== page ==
Posted by: Steve Coplan | August 12, 2006

Shabbat Shalom Joe

Paul Krugman is certainly one of the commentators on economics and economic policies whose views generally have the appropriate directionality, but his opinion on more general political matters resonates with me as well. This morning’s op-ed in the New York Times could be titled ‘Joe Lieberman — good riddance.’ I share his sentiments that Lieberman has been wrongheaded on the Iraq War from the outset (including his baseline assumption that it would be good for Israel). It’s also proven to be his downfall, since even primary voters know that he has brought home the pastrami reliably for many years while Lamont is largely an unknown variable. I wouldn’t outright dismiss rumors that Republicans registered as Democrats stuffed the ballot boxes to ensure that the Democrats field a weak candidate, but Lieberman has looked precarious for a while.

For a while I was excited about his 2000 vice-presidential nomination on account of his religious affiliation, but the more strident his defense of the Iraq war became, the more I was reminded of why he found himself alongside Gore in the first place. Lieberman was the first Democrat to attack Clinton on his slippery testimony on the nature of his relationship with Monica Lewinsky. It was largely thanks to his Senate floor condemnation of Clinton on moral grounds that Lieberman emerged as a solid running mate for Gore. But while he managed to elevate his own stock, Lieberman also served to weaken Clinton’s legacy and by extension strengthen the appeal of the Republicans to swing voters. It’s probably not too much of a stretch to say that Lieberman is responsible for some extent for two successive Bush Jr administrations, and all the damage they have wrought.

Some words from the Krugman op-ed:
After Ned Lamont’s victory in Connecticut, I saw a number of commentaries describing Joe Lieberman not just as a “centrist” — a word that has come to mean “someone who makes excuses for the Bush administration” — but as “sensible.” But on what planet would Mr. Lieberman be considered sensible?

Take a look at Thomas Ricks’s “Fiasco,” the best account yet of how the U.S. occupation of Iraq was mismanaged. The prime villain in that book is Donald Rumsfeld, whose delusional thinking and penchant for power games undermined whatever chances for success the United States might have had. Then read Mr. Lieberman’s May 2004 op-ed article in The Wall Street Journal, “Let Us Have Faith,” in which he urged Mr. Rumsfeld not to resign over the Abu Ghraib scandal, because his removal “would delight foreign and domestic opponents of America’s presence in Iraq.”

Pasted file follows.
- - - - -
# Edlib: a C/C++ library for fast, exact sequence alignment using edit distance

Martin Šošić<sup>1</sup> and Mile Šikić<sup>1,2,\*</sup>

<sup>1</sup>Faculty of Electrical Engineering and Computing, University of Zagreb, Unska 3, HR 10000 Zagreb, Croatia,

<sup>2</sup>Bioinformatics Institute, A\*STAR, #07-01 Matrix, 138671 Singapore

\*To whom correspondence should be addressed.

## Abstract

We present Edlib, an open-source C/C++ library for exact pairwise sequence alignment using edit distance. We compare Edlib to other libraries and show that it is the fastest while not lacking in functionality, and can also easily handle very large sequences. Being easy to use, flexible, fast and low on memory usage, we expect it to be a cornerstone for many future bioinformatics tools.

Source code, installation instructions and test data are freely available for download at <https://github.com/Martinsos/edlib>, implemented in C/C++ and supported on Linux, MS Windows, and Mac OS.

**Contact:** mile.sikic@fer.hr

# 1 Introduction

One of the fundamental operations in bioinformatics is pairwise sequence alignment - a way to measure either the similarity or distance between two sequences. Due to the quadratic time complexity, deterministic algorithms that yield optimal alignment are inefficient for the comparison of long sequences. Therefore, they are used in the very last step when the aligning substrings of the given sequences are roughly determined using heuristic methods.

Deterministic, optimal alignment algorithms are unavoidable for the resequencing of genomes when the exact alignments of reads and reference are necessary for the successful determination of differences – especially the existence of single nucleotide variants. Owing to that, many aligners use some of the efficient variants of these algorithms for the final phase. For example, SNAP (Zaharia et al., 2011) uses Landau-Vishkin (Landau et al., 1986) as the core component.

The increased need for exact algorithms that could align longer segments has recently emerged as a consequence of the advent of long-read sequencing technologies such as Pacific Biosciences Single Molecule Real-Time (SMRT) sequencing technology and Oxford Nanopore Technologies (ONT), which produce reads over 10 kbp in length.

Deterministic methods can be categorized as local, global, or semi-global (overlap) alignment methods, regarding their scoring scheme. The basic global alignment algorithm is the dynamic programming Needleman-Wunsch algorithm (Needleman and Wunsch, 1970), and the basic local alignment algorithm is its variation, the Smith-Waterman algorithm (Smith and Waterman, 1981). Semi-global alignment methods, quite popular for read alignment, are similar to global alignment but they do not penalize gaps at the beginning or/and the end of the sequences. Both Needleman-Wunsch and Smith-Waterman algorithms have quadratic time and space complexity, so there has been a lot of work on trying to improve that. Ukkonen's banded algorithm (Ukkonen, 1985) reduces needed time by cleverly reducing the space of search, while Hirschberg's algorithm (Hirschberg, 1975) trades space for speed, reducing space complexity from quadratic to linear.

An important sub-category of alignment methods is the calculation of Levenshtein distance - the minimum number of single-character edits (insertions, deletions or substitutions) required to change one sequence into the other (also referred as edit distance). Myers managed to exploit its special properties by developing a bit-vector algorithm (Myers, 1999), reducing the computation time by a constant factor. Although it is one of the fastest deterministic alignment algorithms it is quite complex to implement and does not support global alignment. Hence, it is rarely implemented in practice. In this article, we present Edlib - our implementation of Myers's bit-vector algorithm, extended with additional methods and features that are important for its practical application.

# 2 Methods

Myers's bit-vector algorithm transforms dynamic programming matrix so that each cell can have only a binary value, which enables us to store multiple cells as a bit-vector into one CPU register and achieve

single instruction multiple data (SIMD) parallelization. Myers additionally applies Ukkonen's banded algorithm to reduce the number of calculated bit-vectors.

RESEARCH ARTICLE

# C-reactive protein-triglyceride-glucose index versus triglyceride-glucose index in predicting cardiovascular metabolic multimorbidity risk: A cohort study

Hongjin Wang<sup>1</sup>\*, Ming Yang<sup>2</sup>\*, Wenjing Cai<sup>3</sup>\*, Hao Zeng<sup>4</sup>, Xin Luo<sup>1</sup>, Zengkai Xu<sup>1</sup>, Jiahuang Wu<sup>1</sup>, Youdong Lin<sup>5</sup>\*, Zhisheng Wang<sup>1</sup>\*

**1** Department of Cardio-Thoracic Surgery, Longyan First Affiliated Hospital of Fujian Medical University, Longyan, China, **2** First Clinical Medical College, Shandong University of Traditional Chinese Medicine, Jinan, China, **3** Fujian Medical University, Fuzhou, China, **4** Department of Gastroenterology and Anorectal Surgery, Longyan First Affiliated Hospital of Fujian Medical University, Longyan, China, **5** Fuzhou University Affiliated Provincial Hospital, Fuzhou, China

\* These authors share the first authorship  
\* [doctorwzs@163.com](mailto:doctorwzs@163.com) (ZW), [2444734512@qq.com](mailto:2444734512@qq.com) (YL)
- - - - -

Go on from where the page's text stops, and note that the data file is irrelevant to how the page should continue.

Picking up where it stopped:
And that’s just one example of Mr. Lieberman’s bad judgment. He has been wrong at every step of the march into the Iraq quagmire — all the while accusing anyone who disagreed with him of endangering national security.

Many of those lamenting Mr. Lieberman’s defeat claim that they fear a takeover of our political parties by extremists. But if political polarization were really their main concern, they’d be as exercised about the primary challenge from the right facing Lincoln Chafee as they are about Mr. Lieberman’s woes. In fact, however, the sound of national commentary on the Rhode Island race is that of crickets chirping.

So what’s really behind claims that Mr. Lieberman is sensible — and that those who voted against him aren’t? It’s the fact that many Washington insiders suffer from the same character flaw that caused Mr. Lieberman to lose Tuesday’s primary: an inability to admit mistakes.

They say: Pay no attention to the fact that I was wrong and the critics have been completely vindicated by events — I’m “sensible,” while those people are crazy extremists. And besides, criticizing any aspect of the war encourages the terrorists.

That’s what Joe Lieberman said, and it’s what his defenders are saying now.

……Now, it takes a really vivid imagination to see Mr. Lieberman’s rejection as the work of extremists. I know that some commentators believe that anyone who thinks the Iraq war was a mistake is a flag-burning hippie who hates America. But if that’s true, about 60 percent of Americans hate America. The reality is that Ned Lamont and those who voted for him are, as The New York Times editorial page put it, “irate moderates,” whose views are in accord with those of most Americans and the vast majority of Democrats.

But in his non-concession speech, Mr. Lieberman described Mr. Lamont as representative of a political tendency in which “every disagreement is considered disloyal” — a statement of remarkable chutzpah from someone who famously warned Democrats that “we undermine the president’s credibility at our nation’s peril.”

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